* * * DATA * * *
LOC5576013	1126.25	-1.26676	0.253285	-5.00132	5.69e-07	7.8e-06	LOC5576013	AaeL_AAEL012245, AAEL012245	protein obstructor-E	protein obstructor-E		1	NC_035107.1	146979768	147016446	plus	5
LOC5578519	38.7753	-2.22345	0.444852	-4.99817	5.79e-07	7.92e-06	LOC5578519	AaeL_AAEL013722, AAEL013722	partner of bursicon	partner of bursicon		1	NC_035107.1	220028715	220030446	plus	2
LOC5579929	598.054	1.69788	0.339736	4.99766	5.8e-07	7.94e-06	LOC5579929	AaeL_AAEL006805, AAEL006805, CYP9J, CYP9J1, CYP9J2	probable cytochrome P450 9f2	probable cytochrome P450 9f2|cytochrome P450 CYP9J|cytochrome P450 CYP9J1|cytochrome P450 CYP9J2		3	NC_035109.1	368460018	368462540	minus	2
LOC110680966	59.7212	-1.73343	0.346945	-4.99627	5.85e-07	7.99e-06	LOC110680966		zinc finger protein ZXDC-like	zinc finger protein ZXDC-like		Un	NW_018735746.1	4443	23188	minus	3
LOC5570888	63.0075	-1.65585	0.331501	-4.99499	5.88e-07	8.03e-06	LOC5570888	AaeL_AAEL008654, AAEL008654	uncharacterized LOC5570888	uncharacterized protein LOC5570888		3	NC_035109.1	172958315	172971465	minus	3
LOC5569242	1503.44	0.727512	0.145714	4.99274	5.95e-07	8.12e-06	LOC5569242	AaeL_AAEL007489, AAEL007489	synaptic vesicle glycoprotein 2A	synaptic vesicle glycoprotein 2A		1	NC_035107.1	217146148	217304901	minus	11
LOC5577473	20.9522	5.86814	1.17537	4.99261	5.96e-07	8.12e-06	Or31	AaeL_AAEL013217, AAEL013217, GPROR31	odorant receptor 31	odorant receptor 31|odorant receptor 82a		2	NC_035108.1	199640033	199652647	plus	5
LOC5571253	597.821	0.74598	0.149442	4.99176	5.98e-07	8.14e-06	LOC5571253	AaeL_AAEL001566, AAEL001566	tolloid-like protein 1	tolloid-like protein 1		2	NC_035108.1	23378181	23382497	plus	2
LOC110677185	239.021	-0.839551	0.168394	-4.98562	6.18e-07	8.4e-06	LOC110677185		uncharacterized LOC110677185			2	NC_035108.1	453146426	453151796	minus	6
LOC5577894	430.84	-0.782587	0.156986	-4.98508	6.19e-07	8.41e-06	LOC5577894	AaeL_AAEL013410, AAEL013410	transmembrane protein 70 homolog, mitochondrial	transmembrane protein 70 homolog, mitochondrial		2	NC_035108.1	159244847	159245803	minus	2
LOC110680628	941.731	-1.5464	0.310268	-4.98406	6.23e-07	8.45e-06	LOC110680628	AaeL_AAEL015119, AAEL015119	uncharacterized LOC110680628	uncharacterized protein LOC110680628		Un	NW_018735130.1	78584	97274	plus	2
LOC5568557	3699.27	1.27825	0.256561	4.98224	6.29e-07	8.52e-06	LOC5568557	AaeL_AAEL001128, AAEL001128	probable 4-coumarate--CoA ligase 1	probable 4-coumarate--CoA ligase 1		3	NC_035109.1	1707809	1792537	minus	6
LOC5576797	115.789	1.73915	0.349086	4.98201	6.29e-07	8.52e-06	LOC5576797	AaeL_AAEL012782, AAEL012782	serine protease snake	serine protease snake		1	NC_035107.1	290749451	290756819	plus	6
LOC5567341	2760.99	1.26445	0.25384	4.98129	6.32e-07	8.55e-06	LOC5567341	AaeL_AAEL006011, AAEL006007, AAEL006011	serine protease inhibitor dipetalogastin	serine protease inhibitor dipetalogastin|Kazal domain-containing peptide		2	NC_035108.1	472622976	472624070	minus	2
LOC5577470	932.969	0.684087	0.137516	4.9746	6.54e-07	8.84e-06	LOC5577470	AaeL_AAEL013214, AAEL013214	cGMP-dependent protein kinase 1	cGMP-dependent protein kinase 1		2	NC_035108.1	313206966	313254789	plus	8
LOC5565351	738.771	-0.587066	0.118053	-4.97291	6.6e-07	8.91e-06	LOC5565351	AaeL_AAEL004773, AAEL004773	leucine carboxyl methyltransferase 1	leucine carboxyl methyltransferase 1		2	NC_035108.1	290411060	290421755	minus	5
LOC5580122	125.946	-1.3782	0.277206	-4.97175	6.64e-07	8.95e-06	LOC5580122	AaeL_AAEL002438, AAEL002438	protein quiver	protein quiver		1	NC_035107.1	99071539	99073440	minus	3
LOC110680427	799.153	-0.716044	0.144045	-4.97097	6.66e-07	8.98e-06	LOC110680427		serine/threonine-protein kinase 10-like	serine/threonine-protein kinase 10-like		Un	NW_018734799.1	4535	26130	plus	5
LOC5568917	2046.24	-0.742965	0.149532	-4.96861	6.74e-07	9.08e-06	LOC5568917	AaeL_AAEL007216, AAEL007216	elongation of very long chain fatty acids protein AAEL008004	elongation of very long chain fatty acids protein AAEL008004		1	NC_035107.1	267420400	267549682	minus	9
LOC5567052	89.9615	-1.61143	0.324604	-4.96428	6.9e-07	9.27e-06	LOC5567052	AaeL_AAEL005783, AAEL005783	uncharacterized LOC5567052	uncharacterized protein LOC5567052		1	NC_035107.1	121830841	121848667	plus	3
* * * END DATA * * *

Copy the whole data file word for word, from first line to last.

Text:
LOC5576013	1126.25	-1.26676	0.253285	-5.00132	5.69e-07	7.8e-06	LOC5576013	AaeL_AAEL012245, AAEL012245	protein obstructor-E	protein obstructor-E		1	NC_035107.1	146979768	147016446	plus	5
LOC5578519	38.7753	-2.22345	0.444852	-4.99817	5.79e-07	7.92e-06	LOC5578519	AaeL_AAEL013722, AAEL013722	partner of bursicon	partner of bursicon		1	NC_035107.1	220028715	220030446	plus	2
LOC5579929	598.054	1.69788	0.339736	4.99766	5.8e-07	7.94e-06	LOC5579929	AaeL_AAEL006805, AAEL006805, CYP9J, CYP9J1, CYP9J2	probable cytochrome P450 9f2	probable cytochrome P450 9f2|cytochrome P450 CYP9J|cytochrome P450 CYP9J1|cytochrome P450 CYP9J2		3	NC_035109.1	368460018	368462540	minus	2
LOC110680966	59.7212	-1.73343	0.346945	-4.99627	5.85e-07	7.99e-06	LOC110680966		zinc finger protein ZXDC-like	zinc finger protein ZXDC-like		Un	NW_018735746.1	4443	23188	minus	3
LOC5570888	63.0075	-1.65585	0.331501	-4.99499	5.88e-07	8.03e-06	LOC5570888	AaeL_AAEL008654, AAEL008654	uncharacterized LOC5570888	uncharacterized protein LOC5570888		3	NC_035109.1	172958315	172971465	minus	3
LOC5569242	1503.44	0.727512	0.145714	4.99274	5.95e-07	8.12e-06	LOC5569242	AaeL_AAEL007489, AAEL007489	synaptic vesicle glycoprotein 2A	synaptic vesicle glycoprotein 2A		1	NC_035107.1	217146148	217304901	minus	11
LOC5577473	20.9522	5.86814	1.17537	4.99261	5.96e-07	8.12e-06	Or31	AaeL_AAEL013217, AAEL013217, GPROR31	odorant receptor 31	odorant receptor 31|odorant receptor 82a		2	NC_035108.1	199640033	199652647	plus	5
LOC5571253	597.821	0.74598	0.149442	4.99176	5.98e-07	8.14e-06	LOC5571253	AaeL_AAEL001566, AAEL001566	tolloid-like protein 1	tolloid-like protein 1		2	NC_035108.1	23378181	23382497	plus	2
LOC110677185	239.021	-0.839551	0.168394	-4.98562	6.18e-07	8.4e-06	LOC110677185		uncharacterized LOC110677185			2	NC_035108.1	453146426	453151796	minus	6
LOC5577894	430.84	-0.782587	0.156986	-4.98508	6.19e-07	8.41e-06	LOC5577894	AaeL_AAEL013410, AAEL013410	transmembrane protein 70 homolog, mitochondrial	transmembrane protein 70 homolog, mitochondrial		2	NC_035108.1	159244847	159245803	minus	2
LOC110680628	941.731	-1.5464	0.310268	-4.98406	6.23e-07	8.45e-06	LOC110680628	AaeL_AAEL015119, AAEL015119	uncharacterized LOC110680628	uncharacterized protein LOC110680628		Un	NW_018735130.1	78584	97274	plus	2
LOC5568557	3699.27	1.27825	0.256561	4.98224	6.29e-07	8.52e-06	LOC5568557	AaeL_AAEL001128, AAEL001128	probable 4-coumarate--CoA ligase 1	probable 4-coumarate--CoA ligase 1		3	NC_035109.1	1707809	1792537	minus	6
LOC5576797	115.789	1.73915	0.349086	4.98201	6.29e-07	8.52e-06	LOC5576797	AaeL_AAEL012782, AAEL012782	serine protease snake	serine protease snake		1	NC_035107.1	290749451	290756819	plus	6
LOC5567341	2760.99	1.26445	0.25384	4.98129	6.32e-07	8.55e-06	LOC5567341	AaeL_AAEL006011, AAEL006007, AAEL006011	serine protease inhibitor dipetalogastin	serine protease inhibitor dipetalogastin|Kazal domain-containing peptide		2	NC_035108.1	472622976	472624070	minus	2
LOC5577470	932.969	0.684087	0.137516	4.9746	6.54e-07	8.84e-06	LOC5577470	AaeL_AAEL013214, AAEL013214	cGMP-dependent protein kinase 1	cGMP-dependent protein kinase 1		2	NC_035108.1	313206966	313254789	plus	8
LOC5565351	738.771	-0.587066	0.118053	-4.97291	6.6e-07	8.91e-06	LOC5565351	AaeL_AAEL004773, AAEL004773	leucine carboxyl methyltransferase 1	leucine carboxyl methyltransferase 1		2	NC_035108.1	290411060	290421755	minus	5
LOC5580122	125.946	-1.3782	0.277206	-4.97175	6.64e-07	8.95e-06	LOC5580122	AaeL_AAEL002438, AAEL002438	protein quiver	protein quiver		1	NC_035107.1	99071539	99073440	minus	3
LOC110680427	799.153	-0.716044	0.144045	-4.97097	6.66e-07	8.98e-06	LOC110680427		serine/threonine-protein kinase 10-like	serine/threonine-protein kinase 10-like		Un	NW_018734799.1	4535	26130	plus	5
LOC5568917	2046.24	-0.742965	0.149532	-4.96861	6.74e-07	9.08e-06	LOC5568917	AaeL_AAEL007216, AAEL007216	elongation of very long chain fatty acids protein AAEL008004	elongation of very long chain fatty acids protein AAEL008004		1	NC_035107.1	267420400	267549682	minus	9
LOC5567052	89.9615	-1.61143	0.324604	-4.96428	6.9e-07	9.27e-06	LOC5567052	AaeL_AAEL005783, AAEL005783	uncharacterized LOC5567052	uncharacterized protein LOC5567052		1	NC_035107.1	121830841	121848667	plus	3